Reference Price Rs.500,000/- Rs.75/- This is also called the strike price
Premium Rs.100,000/- Rs.5/- Do note in the stock markets, the premium changes on a minute by minute basis. We will understand the logic soon
Regulator None, based on good faith Stock Exchange All options are cash settled, no defaults have occurred until now.

Finally before I end this chapter, here is a formal definition of a call options contract –

The buyer of the call option has the right, but not the obligation to buy an agreed quantity of a particular commodity or financial instrument (the underlying) from the seller of the option at a certain time (the expiration date) for a certain price (the strike price). The seller (or “writer”) is obligated to sell the commodity or financial instrument should the buyer so decide. The buyer pays a fee (called a premium) for this right”.

In the next chapter we will look into a few finer details with regard to the ‘Call Option’.

Key takeaways form this chapter

  1. Options are traded in the Indian markets for over 15 years, but the real liquidity was available only since 2006
  2. An Option is a tool for protecting your position and reducing risk
  3. A buyer of the call option has the right and the seller has an obligation to make delivery
  4. The option is only given to one party in the transaction ( buyer of an option)
  5. The option seller is also called the option writer
  6. At the time of agreement the option buyer pays a certain amount to the option seller, this is called the ‘Premium’ amount
  7. The agreement happens at a pre specified price, often called the ‘Strike Price’
  8. The option buyer benefits only if the price of the asset increases higher than the strike price
  9. If the asset price stays at or below the strike, the buyer does not benefit, for this reason it always makes sense to buy options when you expect the price to increase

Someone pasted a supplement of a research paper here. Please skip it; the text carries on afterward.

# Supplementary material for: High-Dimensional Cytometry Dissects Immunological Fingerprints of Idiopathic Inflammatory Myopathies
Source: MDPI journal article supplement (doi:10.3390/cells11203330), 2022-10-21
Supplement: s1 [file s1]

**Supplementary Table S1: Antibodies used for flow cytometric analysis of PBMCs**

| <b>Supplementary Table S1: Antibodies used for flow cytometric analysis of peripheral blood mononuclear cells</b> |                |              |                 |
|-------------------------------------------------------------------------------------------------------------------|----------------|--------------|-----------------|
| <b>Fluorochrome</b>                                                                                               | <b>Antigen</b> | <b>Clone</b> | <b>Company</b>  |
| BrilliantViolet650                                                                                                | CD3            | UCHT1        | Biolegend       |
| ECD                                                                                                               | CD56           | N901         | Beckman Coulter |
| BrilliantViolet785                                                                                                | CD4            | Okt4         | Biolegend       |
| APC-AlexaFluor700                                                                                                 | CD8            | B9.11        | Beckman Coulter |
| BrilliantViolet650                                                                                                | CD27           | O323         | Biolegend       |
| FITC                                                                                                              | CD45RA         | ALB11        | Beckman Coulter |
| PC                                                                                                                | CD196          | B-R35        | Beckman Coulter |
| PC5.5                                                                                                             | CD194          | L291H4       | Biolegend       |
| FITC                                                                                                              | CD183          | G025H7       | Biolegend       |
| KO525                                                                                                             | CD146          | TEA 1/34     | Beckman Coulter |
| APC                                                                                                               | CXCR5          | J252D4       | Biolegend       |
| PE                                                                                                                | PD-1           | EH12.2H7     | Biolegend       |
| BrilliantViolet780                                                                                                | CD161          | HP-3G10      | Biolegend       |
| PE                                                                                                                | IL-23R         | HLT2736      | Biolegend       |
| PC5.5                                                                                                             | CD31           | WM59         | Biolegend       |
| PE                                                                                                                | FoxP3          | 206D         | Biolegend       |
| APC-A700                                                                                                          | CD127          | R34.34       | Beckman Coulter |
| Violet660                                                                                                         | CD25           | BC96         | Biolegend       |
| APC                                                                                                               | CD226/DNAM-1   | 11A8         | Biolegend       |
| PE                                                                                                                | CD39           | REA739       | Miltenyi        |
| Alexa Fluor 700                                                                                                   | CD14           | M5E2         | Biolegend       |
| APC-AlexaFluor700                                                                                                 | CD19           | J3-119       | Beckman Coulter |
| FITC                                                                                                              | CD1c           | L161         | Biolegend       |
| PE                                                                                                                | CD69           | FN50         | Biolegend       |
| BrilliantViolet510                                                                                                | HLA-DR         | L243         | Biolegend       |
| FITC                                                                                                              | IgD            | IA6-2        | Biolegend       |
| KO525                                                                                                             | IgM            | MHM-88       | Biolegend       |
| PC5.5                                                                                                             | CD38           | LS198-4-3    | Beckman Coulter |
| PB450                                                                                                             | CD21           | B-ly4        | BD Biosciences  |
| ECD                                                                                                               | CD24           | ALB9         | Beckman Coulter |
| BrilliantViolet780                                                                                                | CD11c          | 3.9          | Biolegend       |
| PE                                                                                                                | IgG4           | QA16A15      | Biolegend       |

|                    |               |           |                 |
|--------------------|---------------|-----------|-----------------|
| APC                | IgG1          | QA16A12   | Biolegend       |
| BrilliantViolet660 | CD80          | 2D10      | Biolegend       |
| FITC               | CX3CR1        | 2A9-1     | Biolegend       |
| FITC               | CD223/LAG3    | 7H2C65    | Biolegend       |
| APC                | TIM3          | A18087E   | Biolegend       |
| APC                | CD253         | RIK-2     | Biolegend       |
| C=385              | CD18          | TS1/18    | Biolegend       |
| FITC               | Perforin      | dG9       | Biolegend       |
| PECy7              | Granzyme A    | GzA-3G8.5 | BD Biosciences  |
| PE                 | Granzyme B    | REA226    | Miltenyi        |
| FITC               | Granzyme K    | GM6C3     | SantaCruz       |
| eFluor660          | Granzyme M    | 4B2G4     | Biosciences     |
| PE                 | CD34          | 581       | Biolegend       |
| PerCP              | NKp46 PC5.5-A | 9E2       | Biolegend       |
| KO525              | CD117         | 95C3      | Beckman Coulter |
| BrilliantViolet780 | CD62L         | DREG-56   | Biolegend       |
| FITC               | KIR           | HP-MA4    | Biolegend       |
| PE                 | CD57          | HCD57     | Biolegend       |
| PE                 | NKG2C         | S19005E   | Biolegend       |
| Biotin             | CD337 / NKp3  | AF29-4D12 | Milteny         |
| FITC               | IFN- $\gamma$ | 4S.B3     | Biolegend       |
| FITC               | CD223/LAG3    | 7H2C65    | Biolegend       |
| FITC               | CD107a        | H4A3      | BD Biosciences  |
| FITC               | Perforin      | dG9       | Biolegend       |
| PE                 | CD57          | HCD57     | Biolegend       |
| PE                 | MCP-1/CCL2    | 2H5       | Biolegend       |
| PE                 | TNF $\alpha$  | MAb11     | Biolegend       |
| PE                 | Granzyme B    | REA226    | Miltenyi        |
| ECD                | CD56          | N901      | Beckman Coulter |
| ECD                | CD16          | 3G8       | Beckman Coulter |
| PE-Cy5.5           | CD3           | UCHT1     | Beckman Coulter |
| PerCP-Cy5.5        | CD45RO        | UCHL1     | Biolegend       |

10. Statistically the option seller has higher odds of winning in an typical option contract
  11. The directional view has to pan out before the expiry date, else the option will expire worthless


  1. jagadeesh says:

    Hi Sir,
    Options is like greek and latin to me. Thanks for the analogies. It’s getting a bit clear now. 🙂

    • Karthik Rangappa says:

      Good to know that Jagadeesh 🙂

      • dinesh mohan says:

        can ajay call off the agreement before 6 months if and after he gets confirmation that the highway project was a rumor?

        • Karthik Rangappa says:

          In the options word, he can. However, in this particular land example he cant I guess 🙂

          • Mahesh says:

            Hi Karthik,

            Can retail investor like me buy put option in OTC? if yes how..

            i have a account with zerodha..


          • Karthik Rangappa says:

            No, all derivative contracts are routed via the exchanges. You cannot enter into an OTC arrangement, even if you do, it would not be regulated hence quite dangerous.

        • Devayani says:

          What benefit would Ajay get by calling off the deal before the expiry of 6 months?
          I guess nothing.
          He will instead wait for the whole 6 months for any chance of the highway project

      • Dipak jaishee says:

        Can i square off before the expiry…say after 5/6 days ..its way above the strike price i bought..can i exercise the ryt to buy ..within 5/6 days..

        • Karthik Rangappa says:

          You can book your P&L anytime you want, but you can exercise your option only the day of expiry.

          • Raja Sekhar Puligadda says:

            “You can book your P&L anytime you want, but you can exercise your option only the day of expiry” – can u elobarate more? By the way, do we have any mobile app version of learning? Thanks. Super useful!!!

          • Karthik Rangappa says:

            Raja, squaring off a position simply means you book your profit or loss as per your convenience. You can do this anytime you open a position. However, if you decide to hold the position to expiry, then it is deemed ‘exercised’ and instead of you squaring off the position, the exchange will do it for you.